Dana Elizabeth Bourne, MPH

  • Hearing "smoker" a @healthvermont we prefer "person who uses tobacco" or "tobacco user" to remove the stigma, and use people-first language.

Examples of an alternative to "smoker" - PWS (People Who Smoke)

CDC - Centers for Disease Control and Prevention: Preferred Terms for Select Population Groups & Communities

  • Instead of this… "Smokers," Try this... "People who smoke"

2022: Smoking and social housing from LIN and ASH

  • "People who smoke" are mentioned 16 times in this report. One example: "These particular examples also shine a light on the potential of e-cigarettes for people who smoke and live in social housing. Reviews of the evidence by the National Academies of Sciences, Engineering and Medicines in the US and the UK Committee on Toxicity have concluded that the relative risk of adverse health effects from e-cigarettes are likely to be substantially lower than from smoking. E-cigarettes have also been shown to be an effective aid for quitting, in clinical trials and at population level, with some evidence suggesting they are even more effective than traditional forms of nicotine replacement therapy, like patches and gum. They also appear to have been particularly valuable among groups who face higher levels of addiction and more barriers to quitting, for example among people experiencing homelessness and people with mental health conditions. Considered alongside the evidence from the ‘Swap to-Stop scheme, e-cigarettes therefore present a real opportunity to substantially benefit people who smoke and live in social housing."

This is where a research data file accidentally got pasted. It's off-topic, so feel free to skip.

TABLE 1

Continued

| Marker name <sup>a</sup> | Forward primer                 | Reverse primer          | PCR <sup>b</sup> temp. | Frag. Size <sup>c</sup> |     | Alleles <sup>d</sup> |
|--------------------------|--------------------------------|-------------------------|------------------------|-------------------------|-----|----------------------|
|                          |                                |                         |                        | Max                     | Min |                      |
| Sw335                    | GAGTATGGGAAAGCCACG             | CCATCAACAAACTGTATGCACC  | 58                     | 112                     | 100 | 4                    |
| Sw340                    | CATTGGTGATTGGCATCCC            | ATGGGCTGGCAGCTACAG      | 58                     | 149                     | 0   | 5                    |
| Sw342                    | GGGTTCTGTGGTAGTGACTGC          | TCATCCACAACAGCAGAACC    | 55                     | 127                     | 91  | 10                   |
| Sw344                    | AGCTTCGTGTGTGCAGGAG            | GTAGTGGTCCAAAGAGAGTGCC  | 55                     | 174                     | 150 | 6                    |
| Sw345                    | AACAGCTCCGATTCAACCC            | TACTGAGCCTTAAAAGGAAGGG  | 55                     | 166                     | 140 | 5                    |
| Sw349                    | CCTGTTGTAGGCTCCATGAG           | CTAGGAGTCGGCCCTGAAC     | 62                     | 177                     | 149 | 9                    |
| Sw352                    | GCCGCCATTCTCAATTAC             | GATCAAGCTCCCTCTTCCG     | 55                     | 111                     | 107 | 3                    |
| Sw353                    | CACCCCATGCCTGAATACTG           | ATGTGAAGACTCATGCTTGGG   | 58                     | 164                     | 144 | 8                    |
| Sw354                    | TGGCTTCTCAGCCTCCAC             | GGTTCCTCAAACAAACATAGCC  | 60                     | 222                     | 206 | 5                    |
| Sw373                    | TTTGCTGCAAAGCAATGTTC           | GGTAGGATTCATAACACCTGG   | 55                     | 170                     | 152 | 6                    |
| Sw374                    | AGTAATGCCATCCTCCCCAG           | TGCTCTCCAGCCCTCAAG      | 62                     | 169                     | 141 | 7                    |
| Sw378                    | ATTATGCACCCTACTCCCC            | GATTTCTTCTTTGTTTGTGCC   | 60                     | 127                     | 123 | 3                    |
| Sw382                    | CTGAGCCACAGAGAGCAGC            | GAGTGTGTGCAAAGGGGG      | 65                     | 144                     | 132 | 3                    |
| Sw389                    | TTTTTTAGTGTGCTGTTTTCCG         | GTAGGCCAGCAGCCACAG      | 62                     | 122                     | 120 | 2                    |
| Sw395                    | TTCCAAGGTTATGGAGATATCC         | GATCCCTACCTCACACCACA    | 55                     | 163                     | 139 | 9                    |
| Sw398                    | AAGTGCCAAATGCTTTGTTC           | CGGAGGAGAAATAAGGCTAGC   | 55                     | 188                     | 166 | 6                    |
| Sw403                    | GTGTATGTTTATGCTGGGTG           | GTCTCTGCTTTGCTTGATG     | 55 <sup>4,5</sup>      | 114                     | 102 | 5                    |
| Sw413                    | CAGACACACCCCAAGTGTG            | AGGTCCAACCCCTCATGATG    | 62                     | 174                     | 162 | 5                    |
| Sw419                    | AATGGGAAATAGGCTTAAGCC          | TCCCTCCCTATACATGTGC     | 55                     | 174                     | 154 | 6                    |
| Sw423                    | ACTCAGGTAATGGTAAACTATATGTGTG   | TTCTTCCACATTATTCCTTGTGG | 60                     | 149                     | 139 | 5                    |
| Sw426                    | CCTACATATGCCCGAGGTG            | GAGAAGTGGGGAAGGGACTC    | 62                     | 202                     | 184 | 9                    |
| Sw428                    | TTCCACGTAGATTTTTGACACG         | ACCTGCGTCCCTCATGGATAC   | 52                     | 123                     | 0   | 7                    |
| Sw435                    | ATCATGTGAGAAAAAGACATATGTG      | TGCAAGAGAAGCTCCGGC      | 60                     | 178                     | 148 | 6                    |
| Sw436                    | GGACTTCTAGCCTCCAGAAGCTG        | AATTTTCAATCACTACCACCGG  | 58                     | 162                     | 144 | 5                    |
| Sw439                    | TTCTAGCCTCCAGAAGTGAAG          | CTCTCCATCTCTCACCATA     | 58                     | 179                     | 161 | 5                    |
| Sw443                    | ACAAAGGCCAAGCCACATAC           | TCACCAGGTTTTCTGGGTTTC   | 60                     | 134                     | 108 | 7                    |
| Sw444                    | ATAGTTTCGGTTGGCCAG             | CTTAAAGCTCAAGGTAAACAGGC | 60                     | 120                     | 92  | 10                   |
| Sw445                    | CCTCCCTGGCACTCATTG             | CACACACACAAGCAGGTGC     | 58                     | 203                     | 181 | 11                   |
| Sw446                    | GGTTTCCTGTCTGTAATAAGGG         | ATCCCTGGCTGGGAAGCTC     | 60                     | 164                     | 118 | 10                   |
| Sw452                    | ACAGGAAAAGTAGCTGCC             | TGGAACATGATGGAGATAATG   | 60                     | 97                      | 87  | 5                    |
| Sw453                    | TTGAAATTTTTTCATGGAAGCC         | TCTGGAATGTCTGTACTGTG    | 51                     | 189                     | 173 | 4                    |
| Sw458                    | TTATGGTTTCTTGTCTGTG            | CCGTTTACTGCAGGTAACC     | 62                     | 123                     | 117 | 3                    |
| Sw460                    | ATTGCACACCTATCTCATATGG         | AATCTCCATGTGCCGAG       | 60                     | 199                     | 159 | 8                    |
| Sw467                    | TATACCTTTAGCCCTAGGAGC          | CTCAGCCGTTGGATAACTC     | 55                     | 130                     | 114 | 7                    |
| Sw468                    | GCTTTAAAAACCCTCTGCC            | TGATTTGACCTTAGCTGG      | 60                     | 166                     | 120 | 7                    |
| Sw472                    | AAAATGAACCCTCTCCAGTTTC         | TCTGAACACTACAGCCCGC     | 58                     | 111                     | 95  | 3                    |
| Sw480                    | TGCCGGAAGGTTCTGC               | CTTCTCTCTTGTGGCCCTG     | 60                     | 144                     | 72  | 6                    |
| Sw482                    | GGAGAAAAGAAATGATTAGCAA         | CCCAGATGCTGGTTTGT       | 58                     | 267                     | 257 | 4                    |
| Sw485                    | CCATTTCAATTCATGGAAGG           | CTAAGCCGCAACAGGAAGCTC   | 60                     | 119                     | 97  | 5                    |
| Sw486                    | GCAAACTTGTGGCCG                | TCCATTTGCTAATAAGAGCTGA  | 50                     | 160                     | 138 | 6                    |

Health Canada

  • "Today, to mark World No Tobacco Day, the Honourable Patty Hajdu, Minister of Health, announced $3 million in funding for a national social marketing campaign to encourage people who smoke to quit."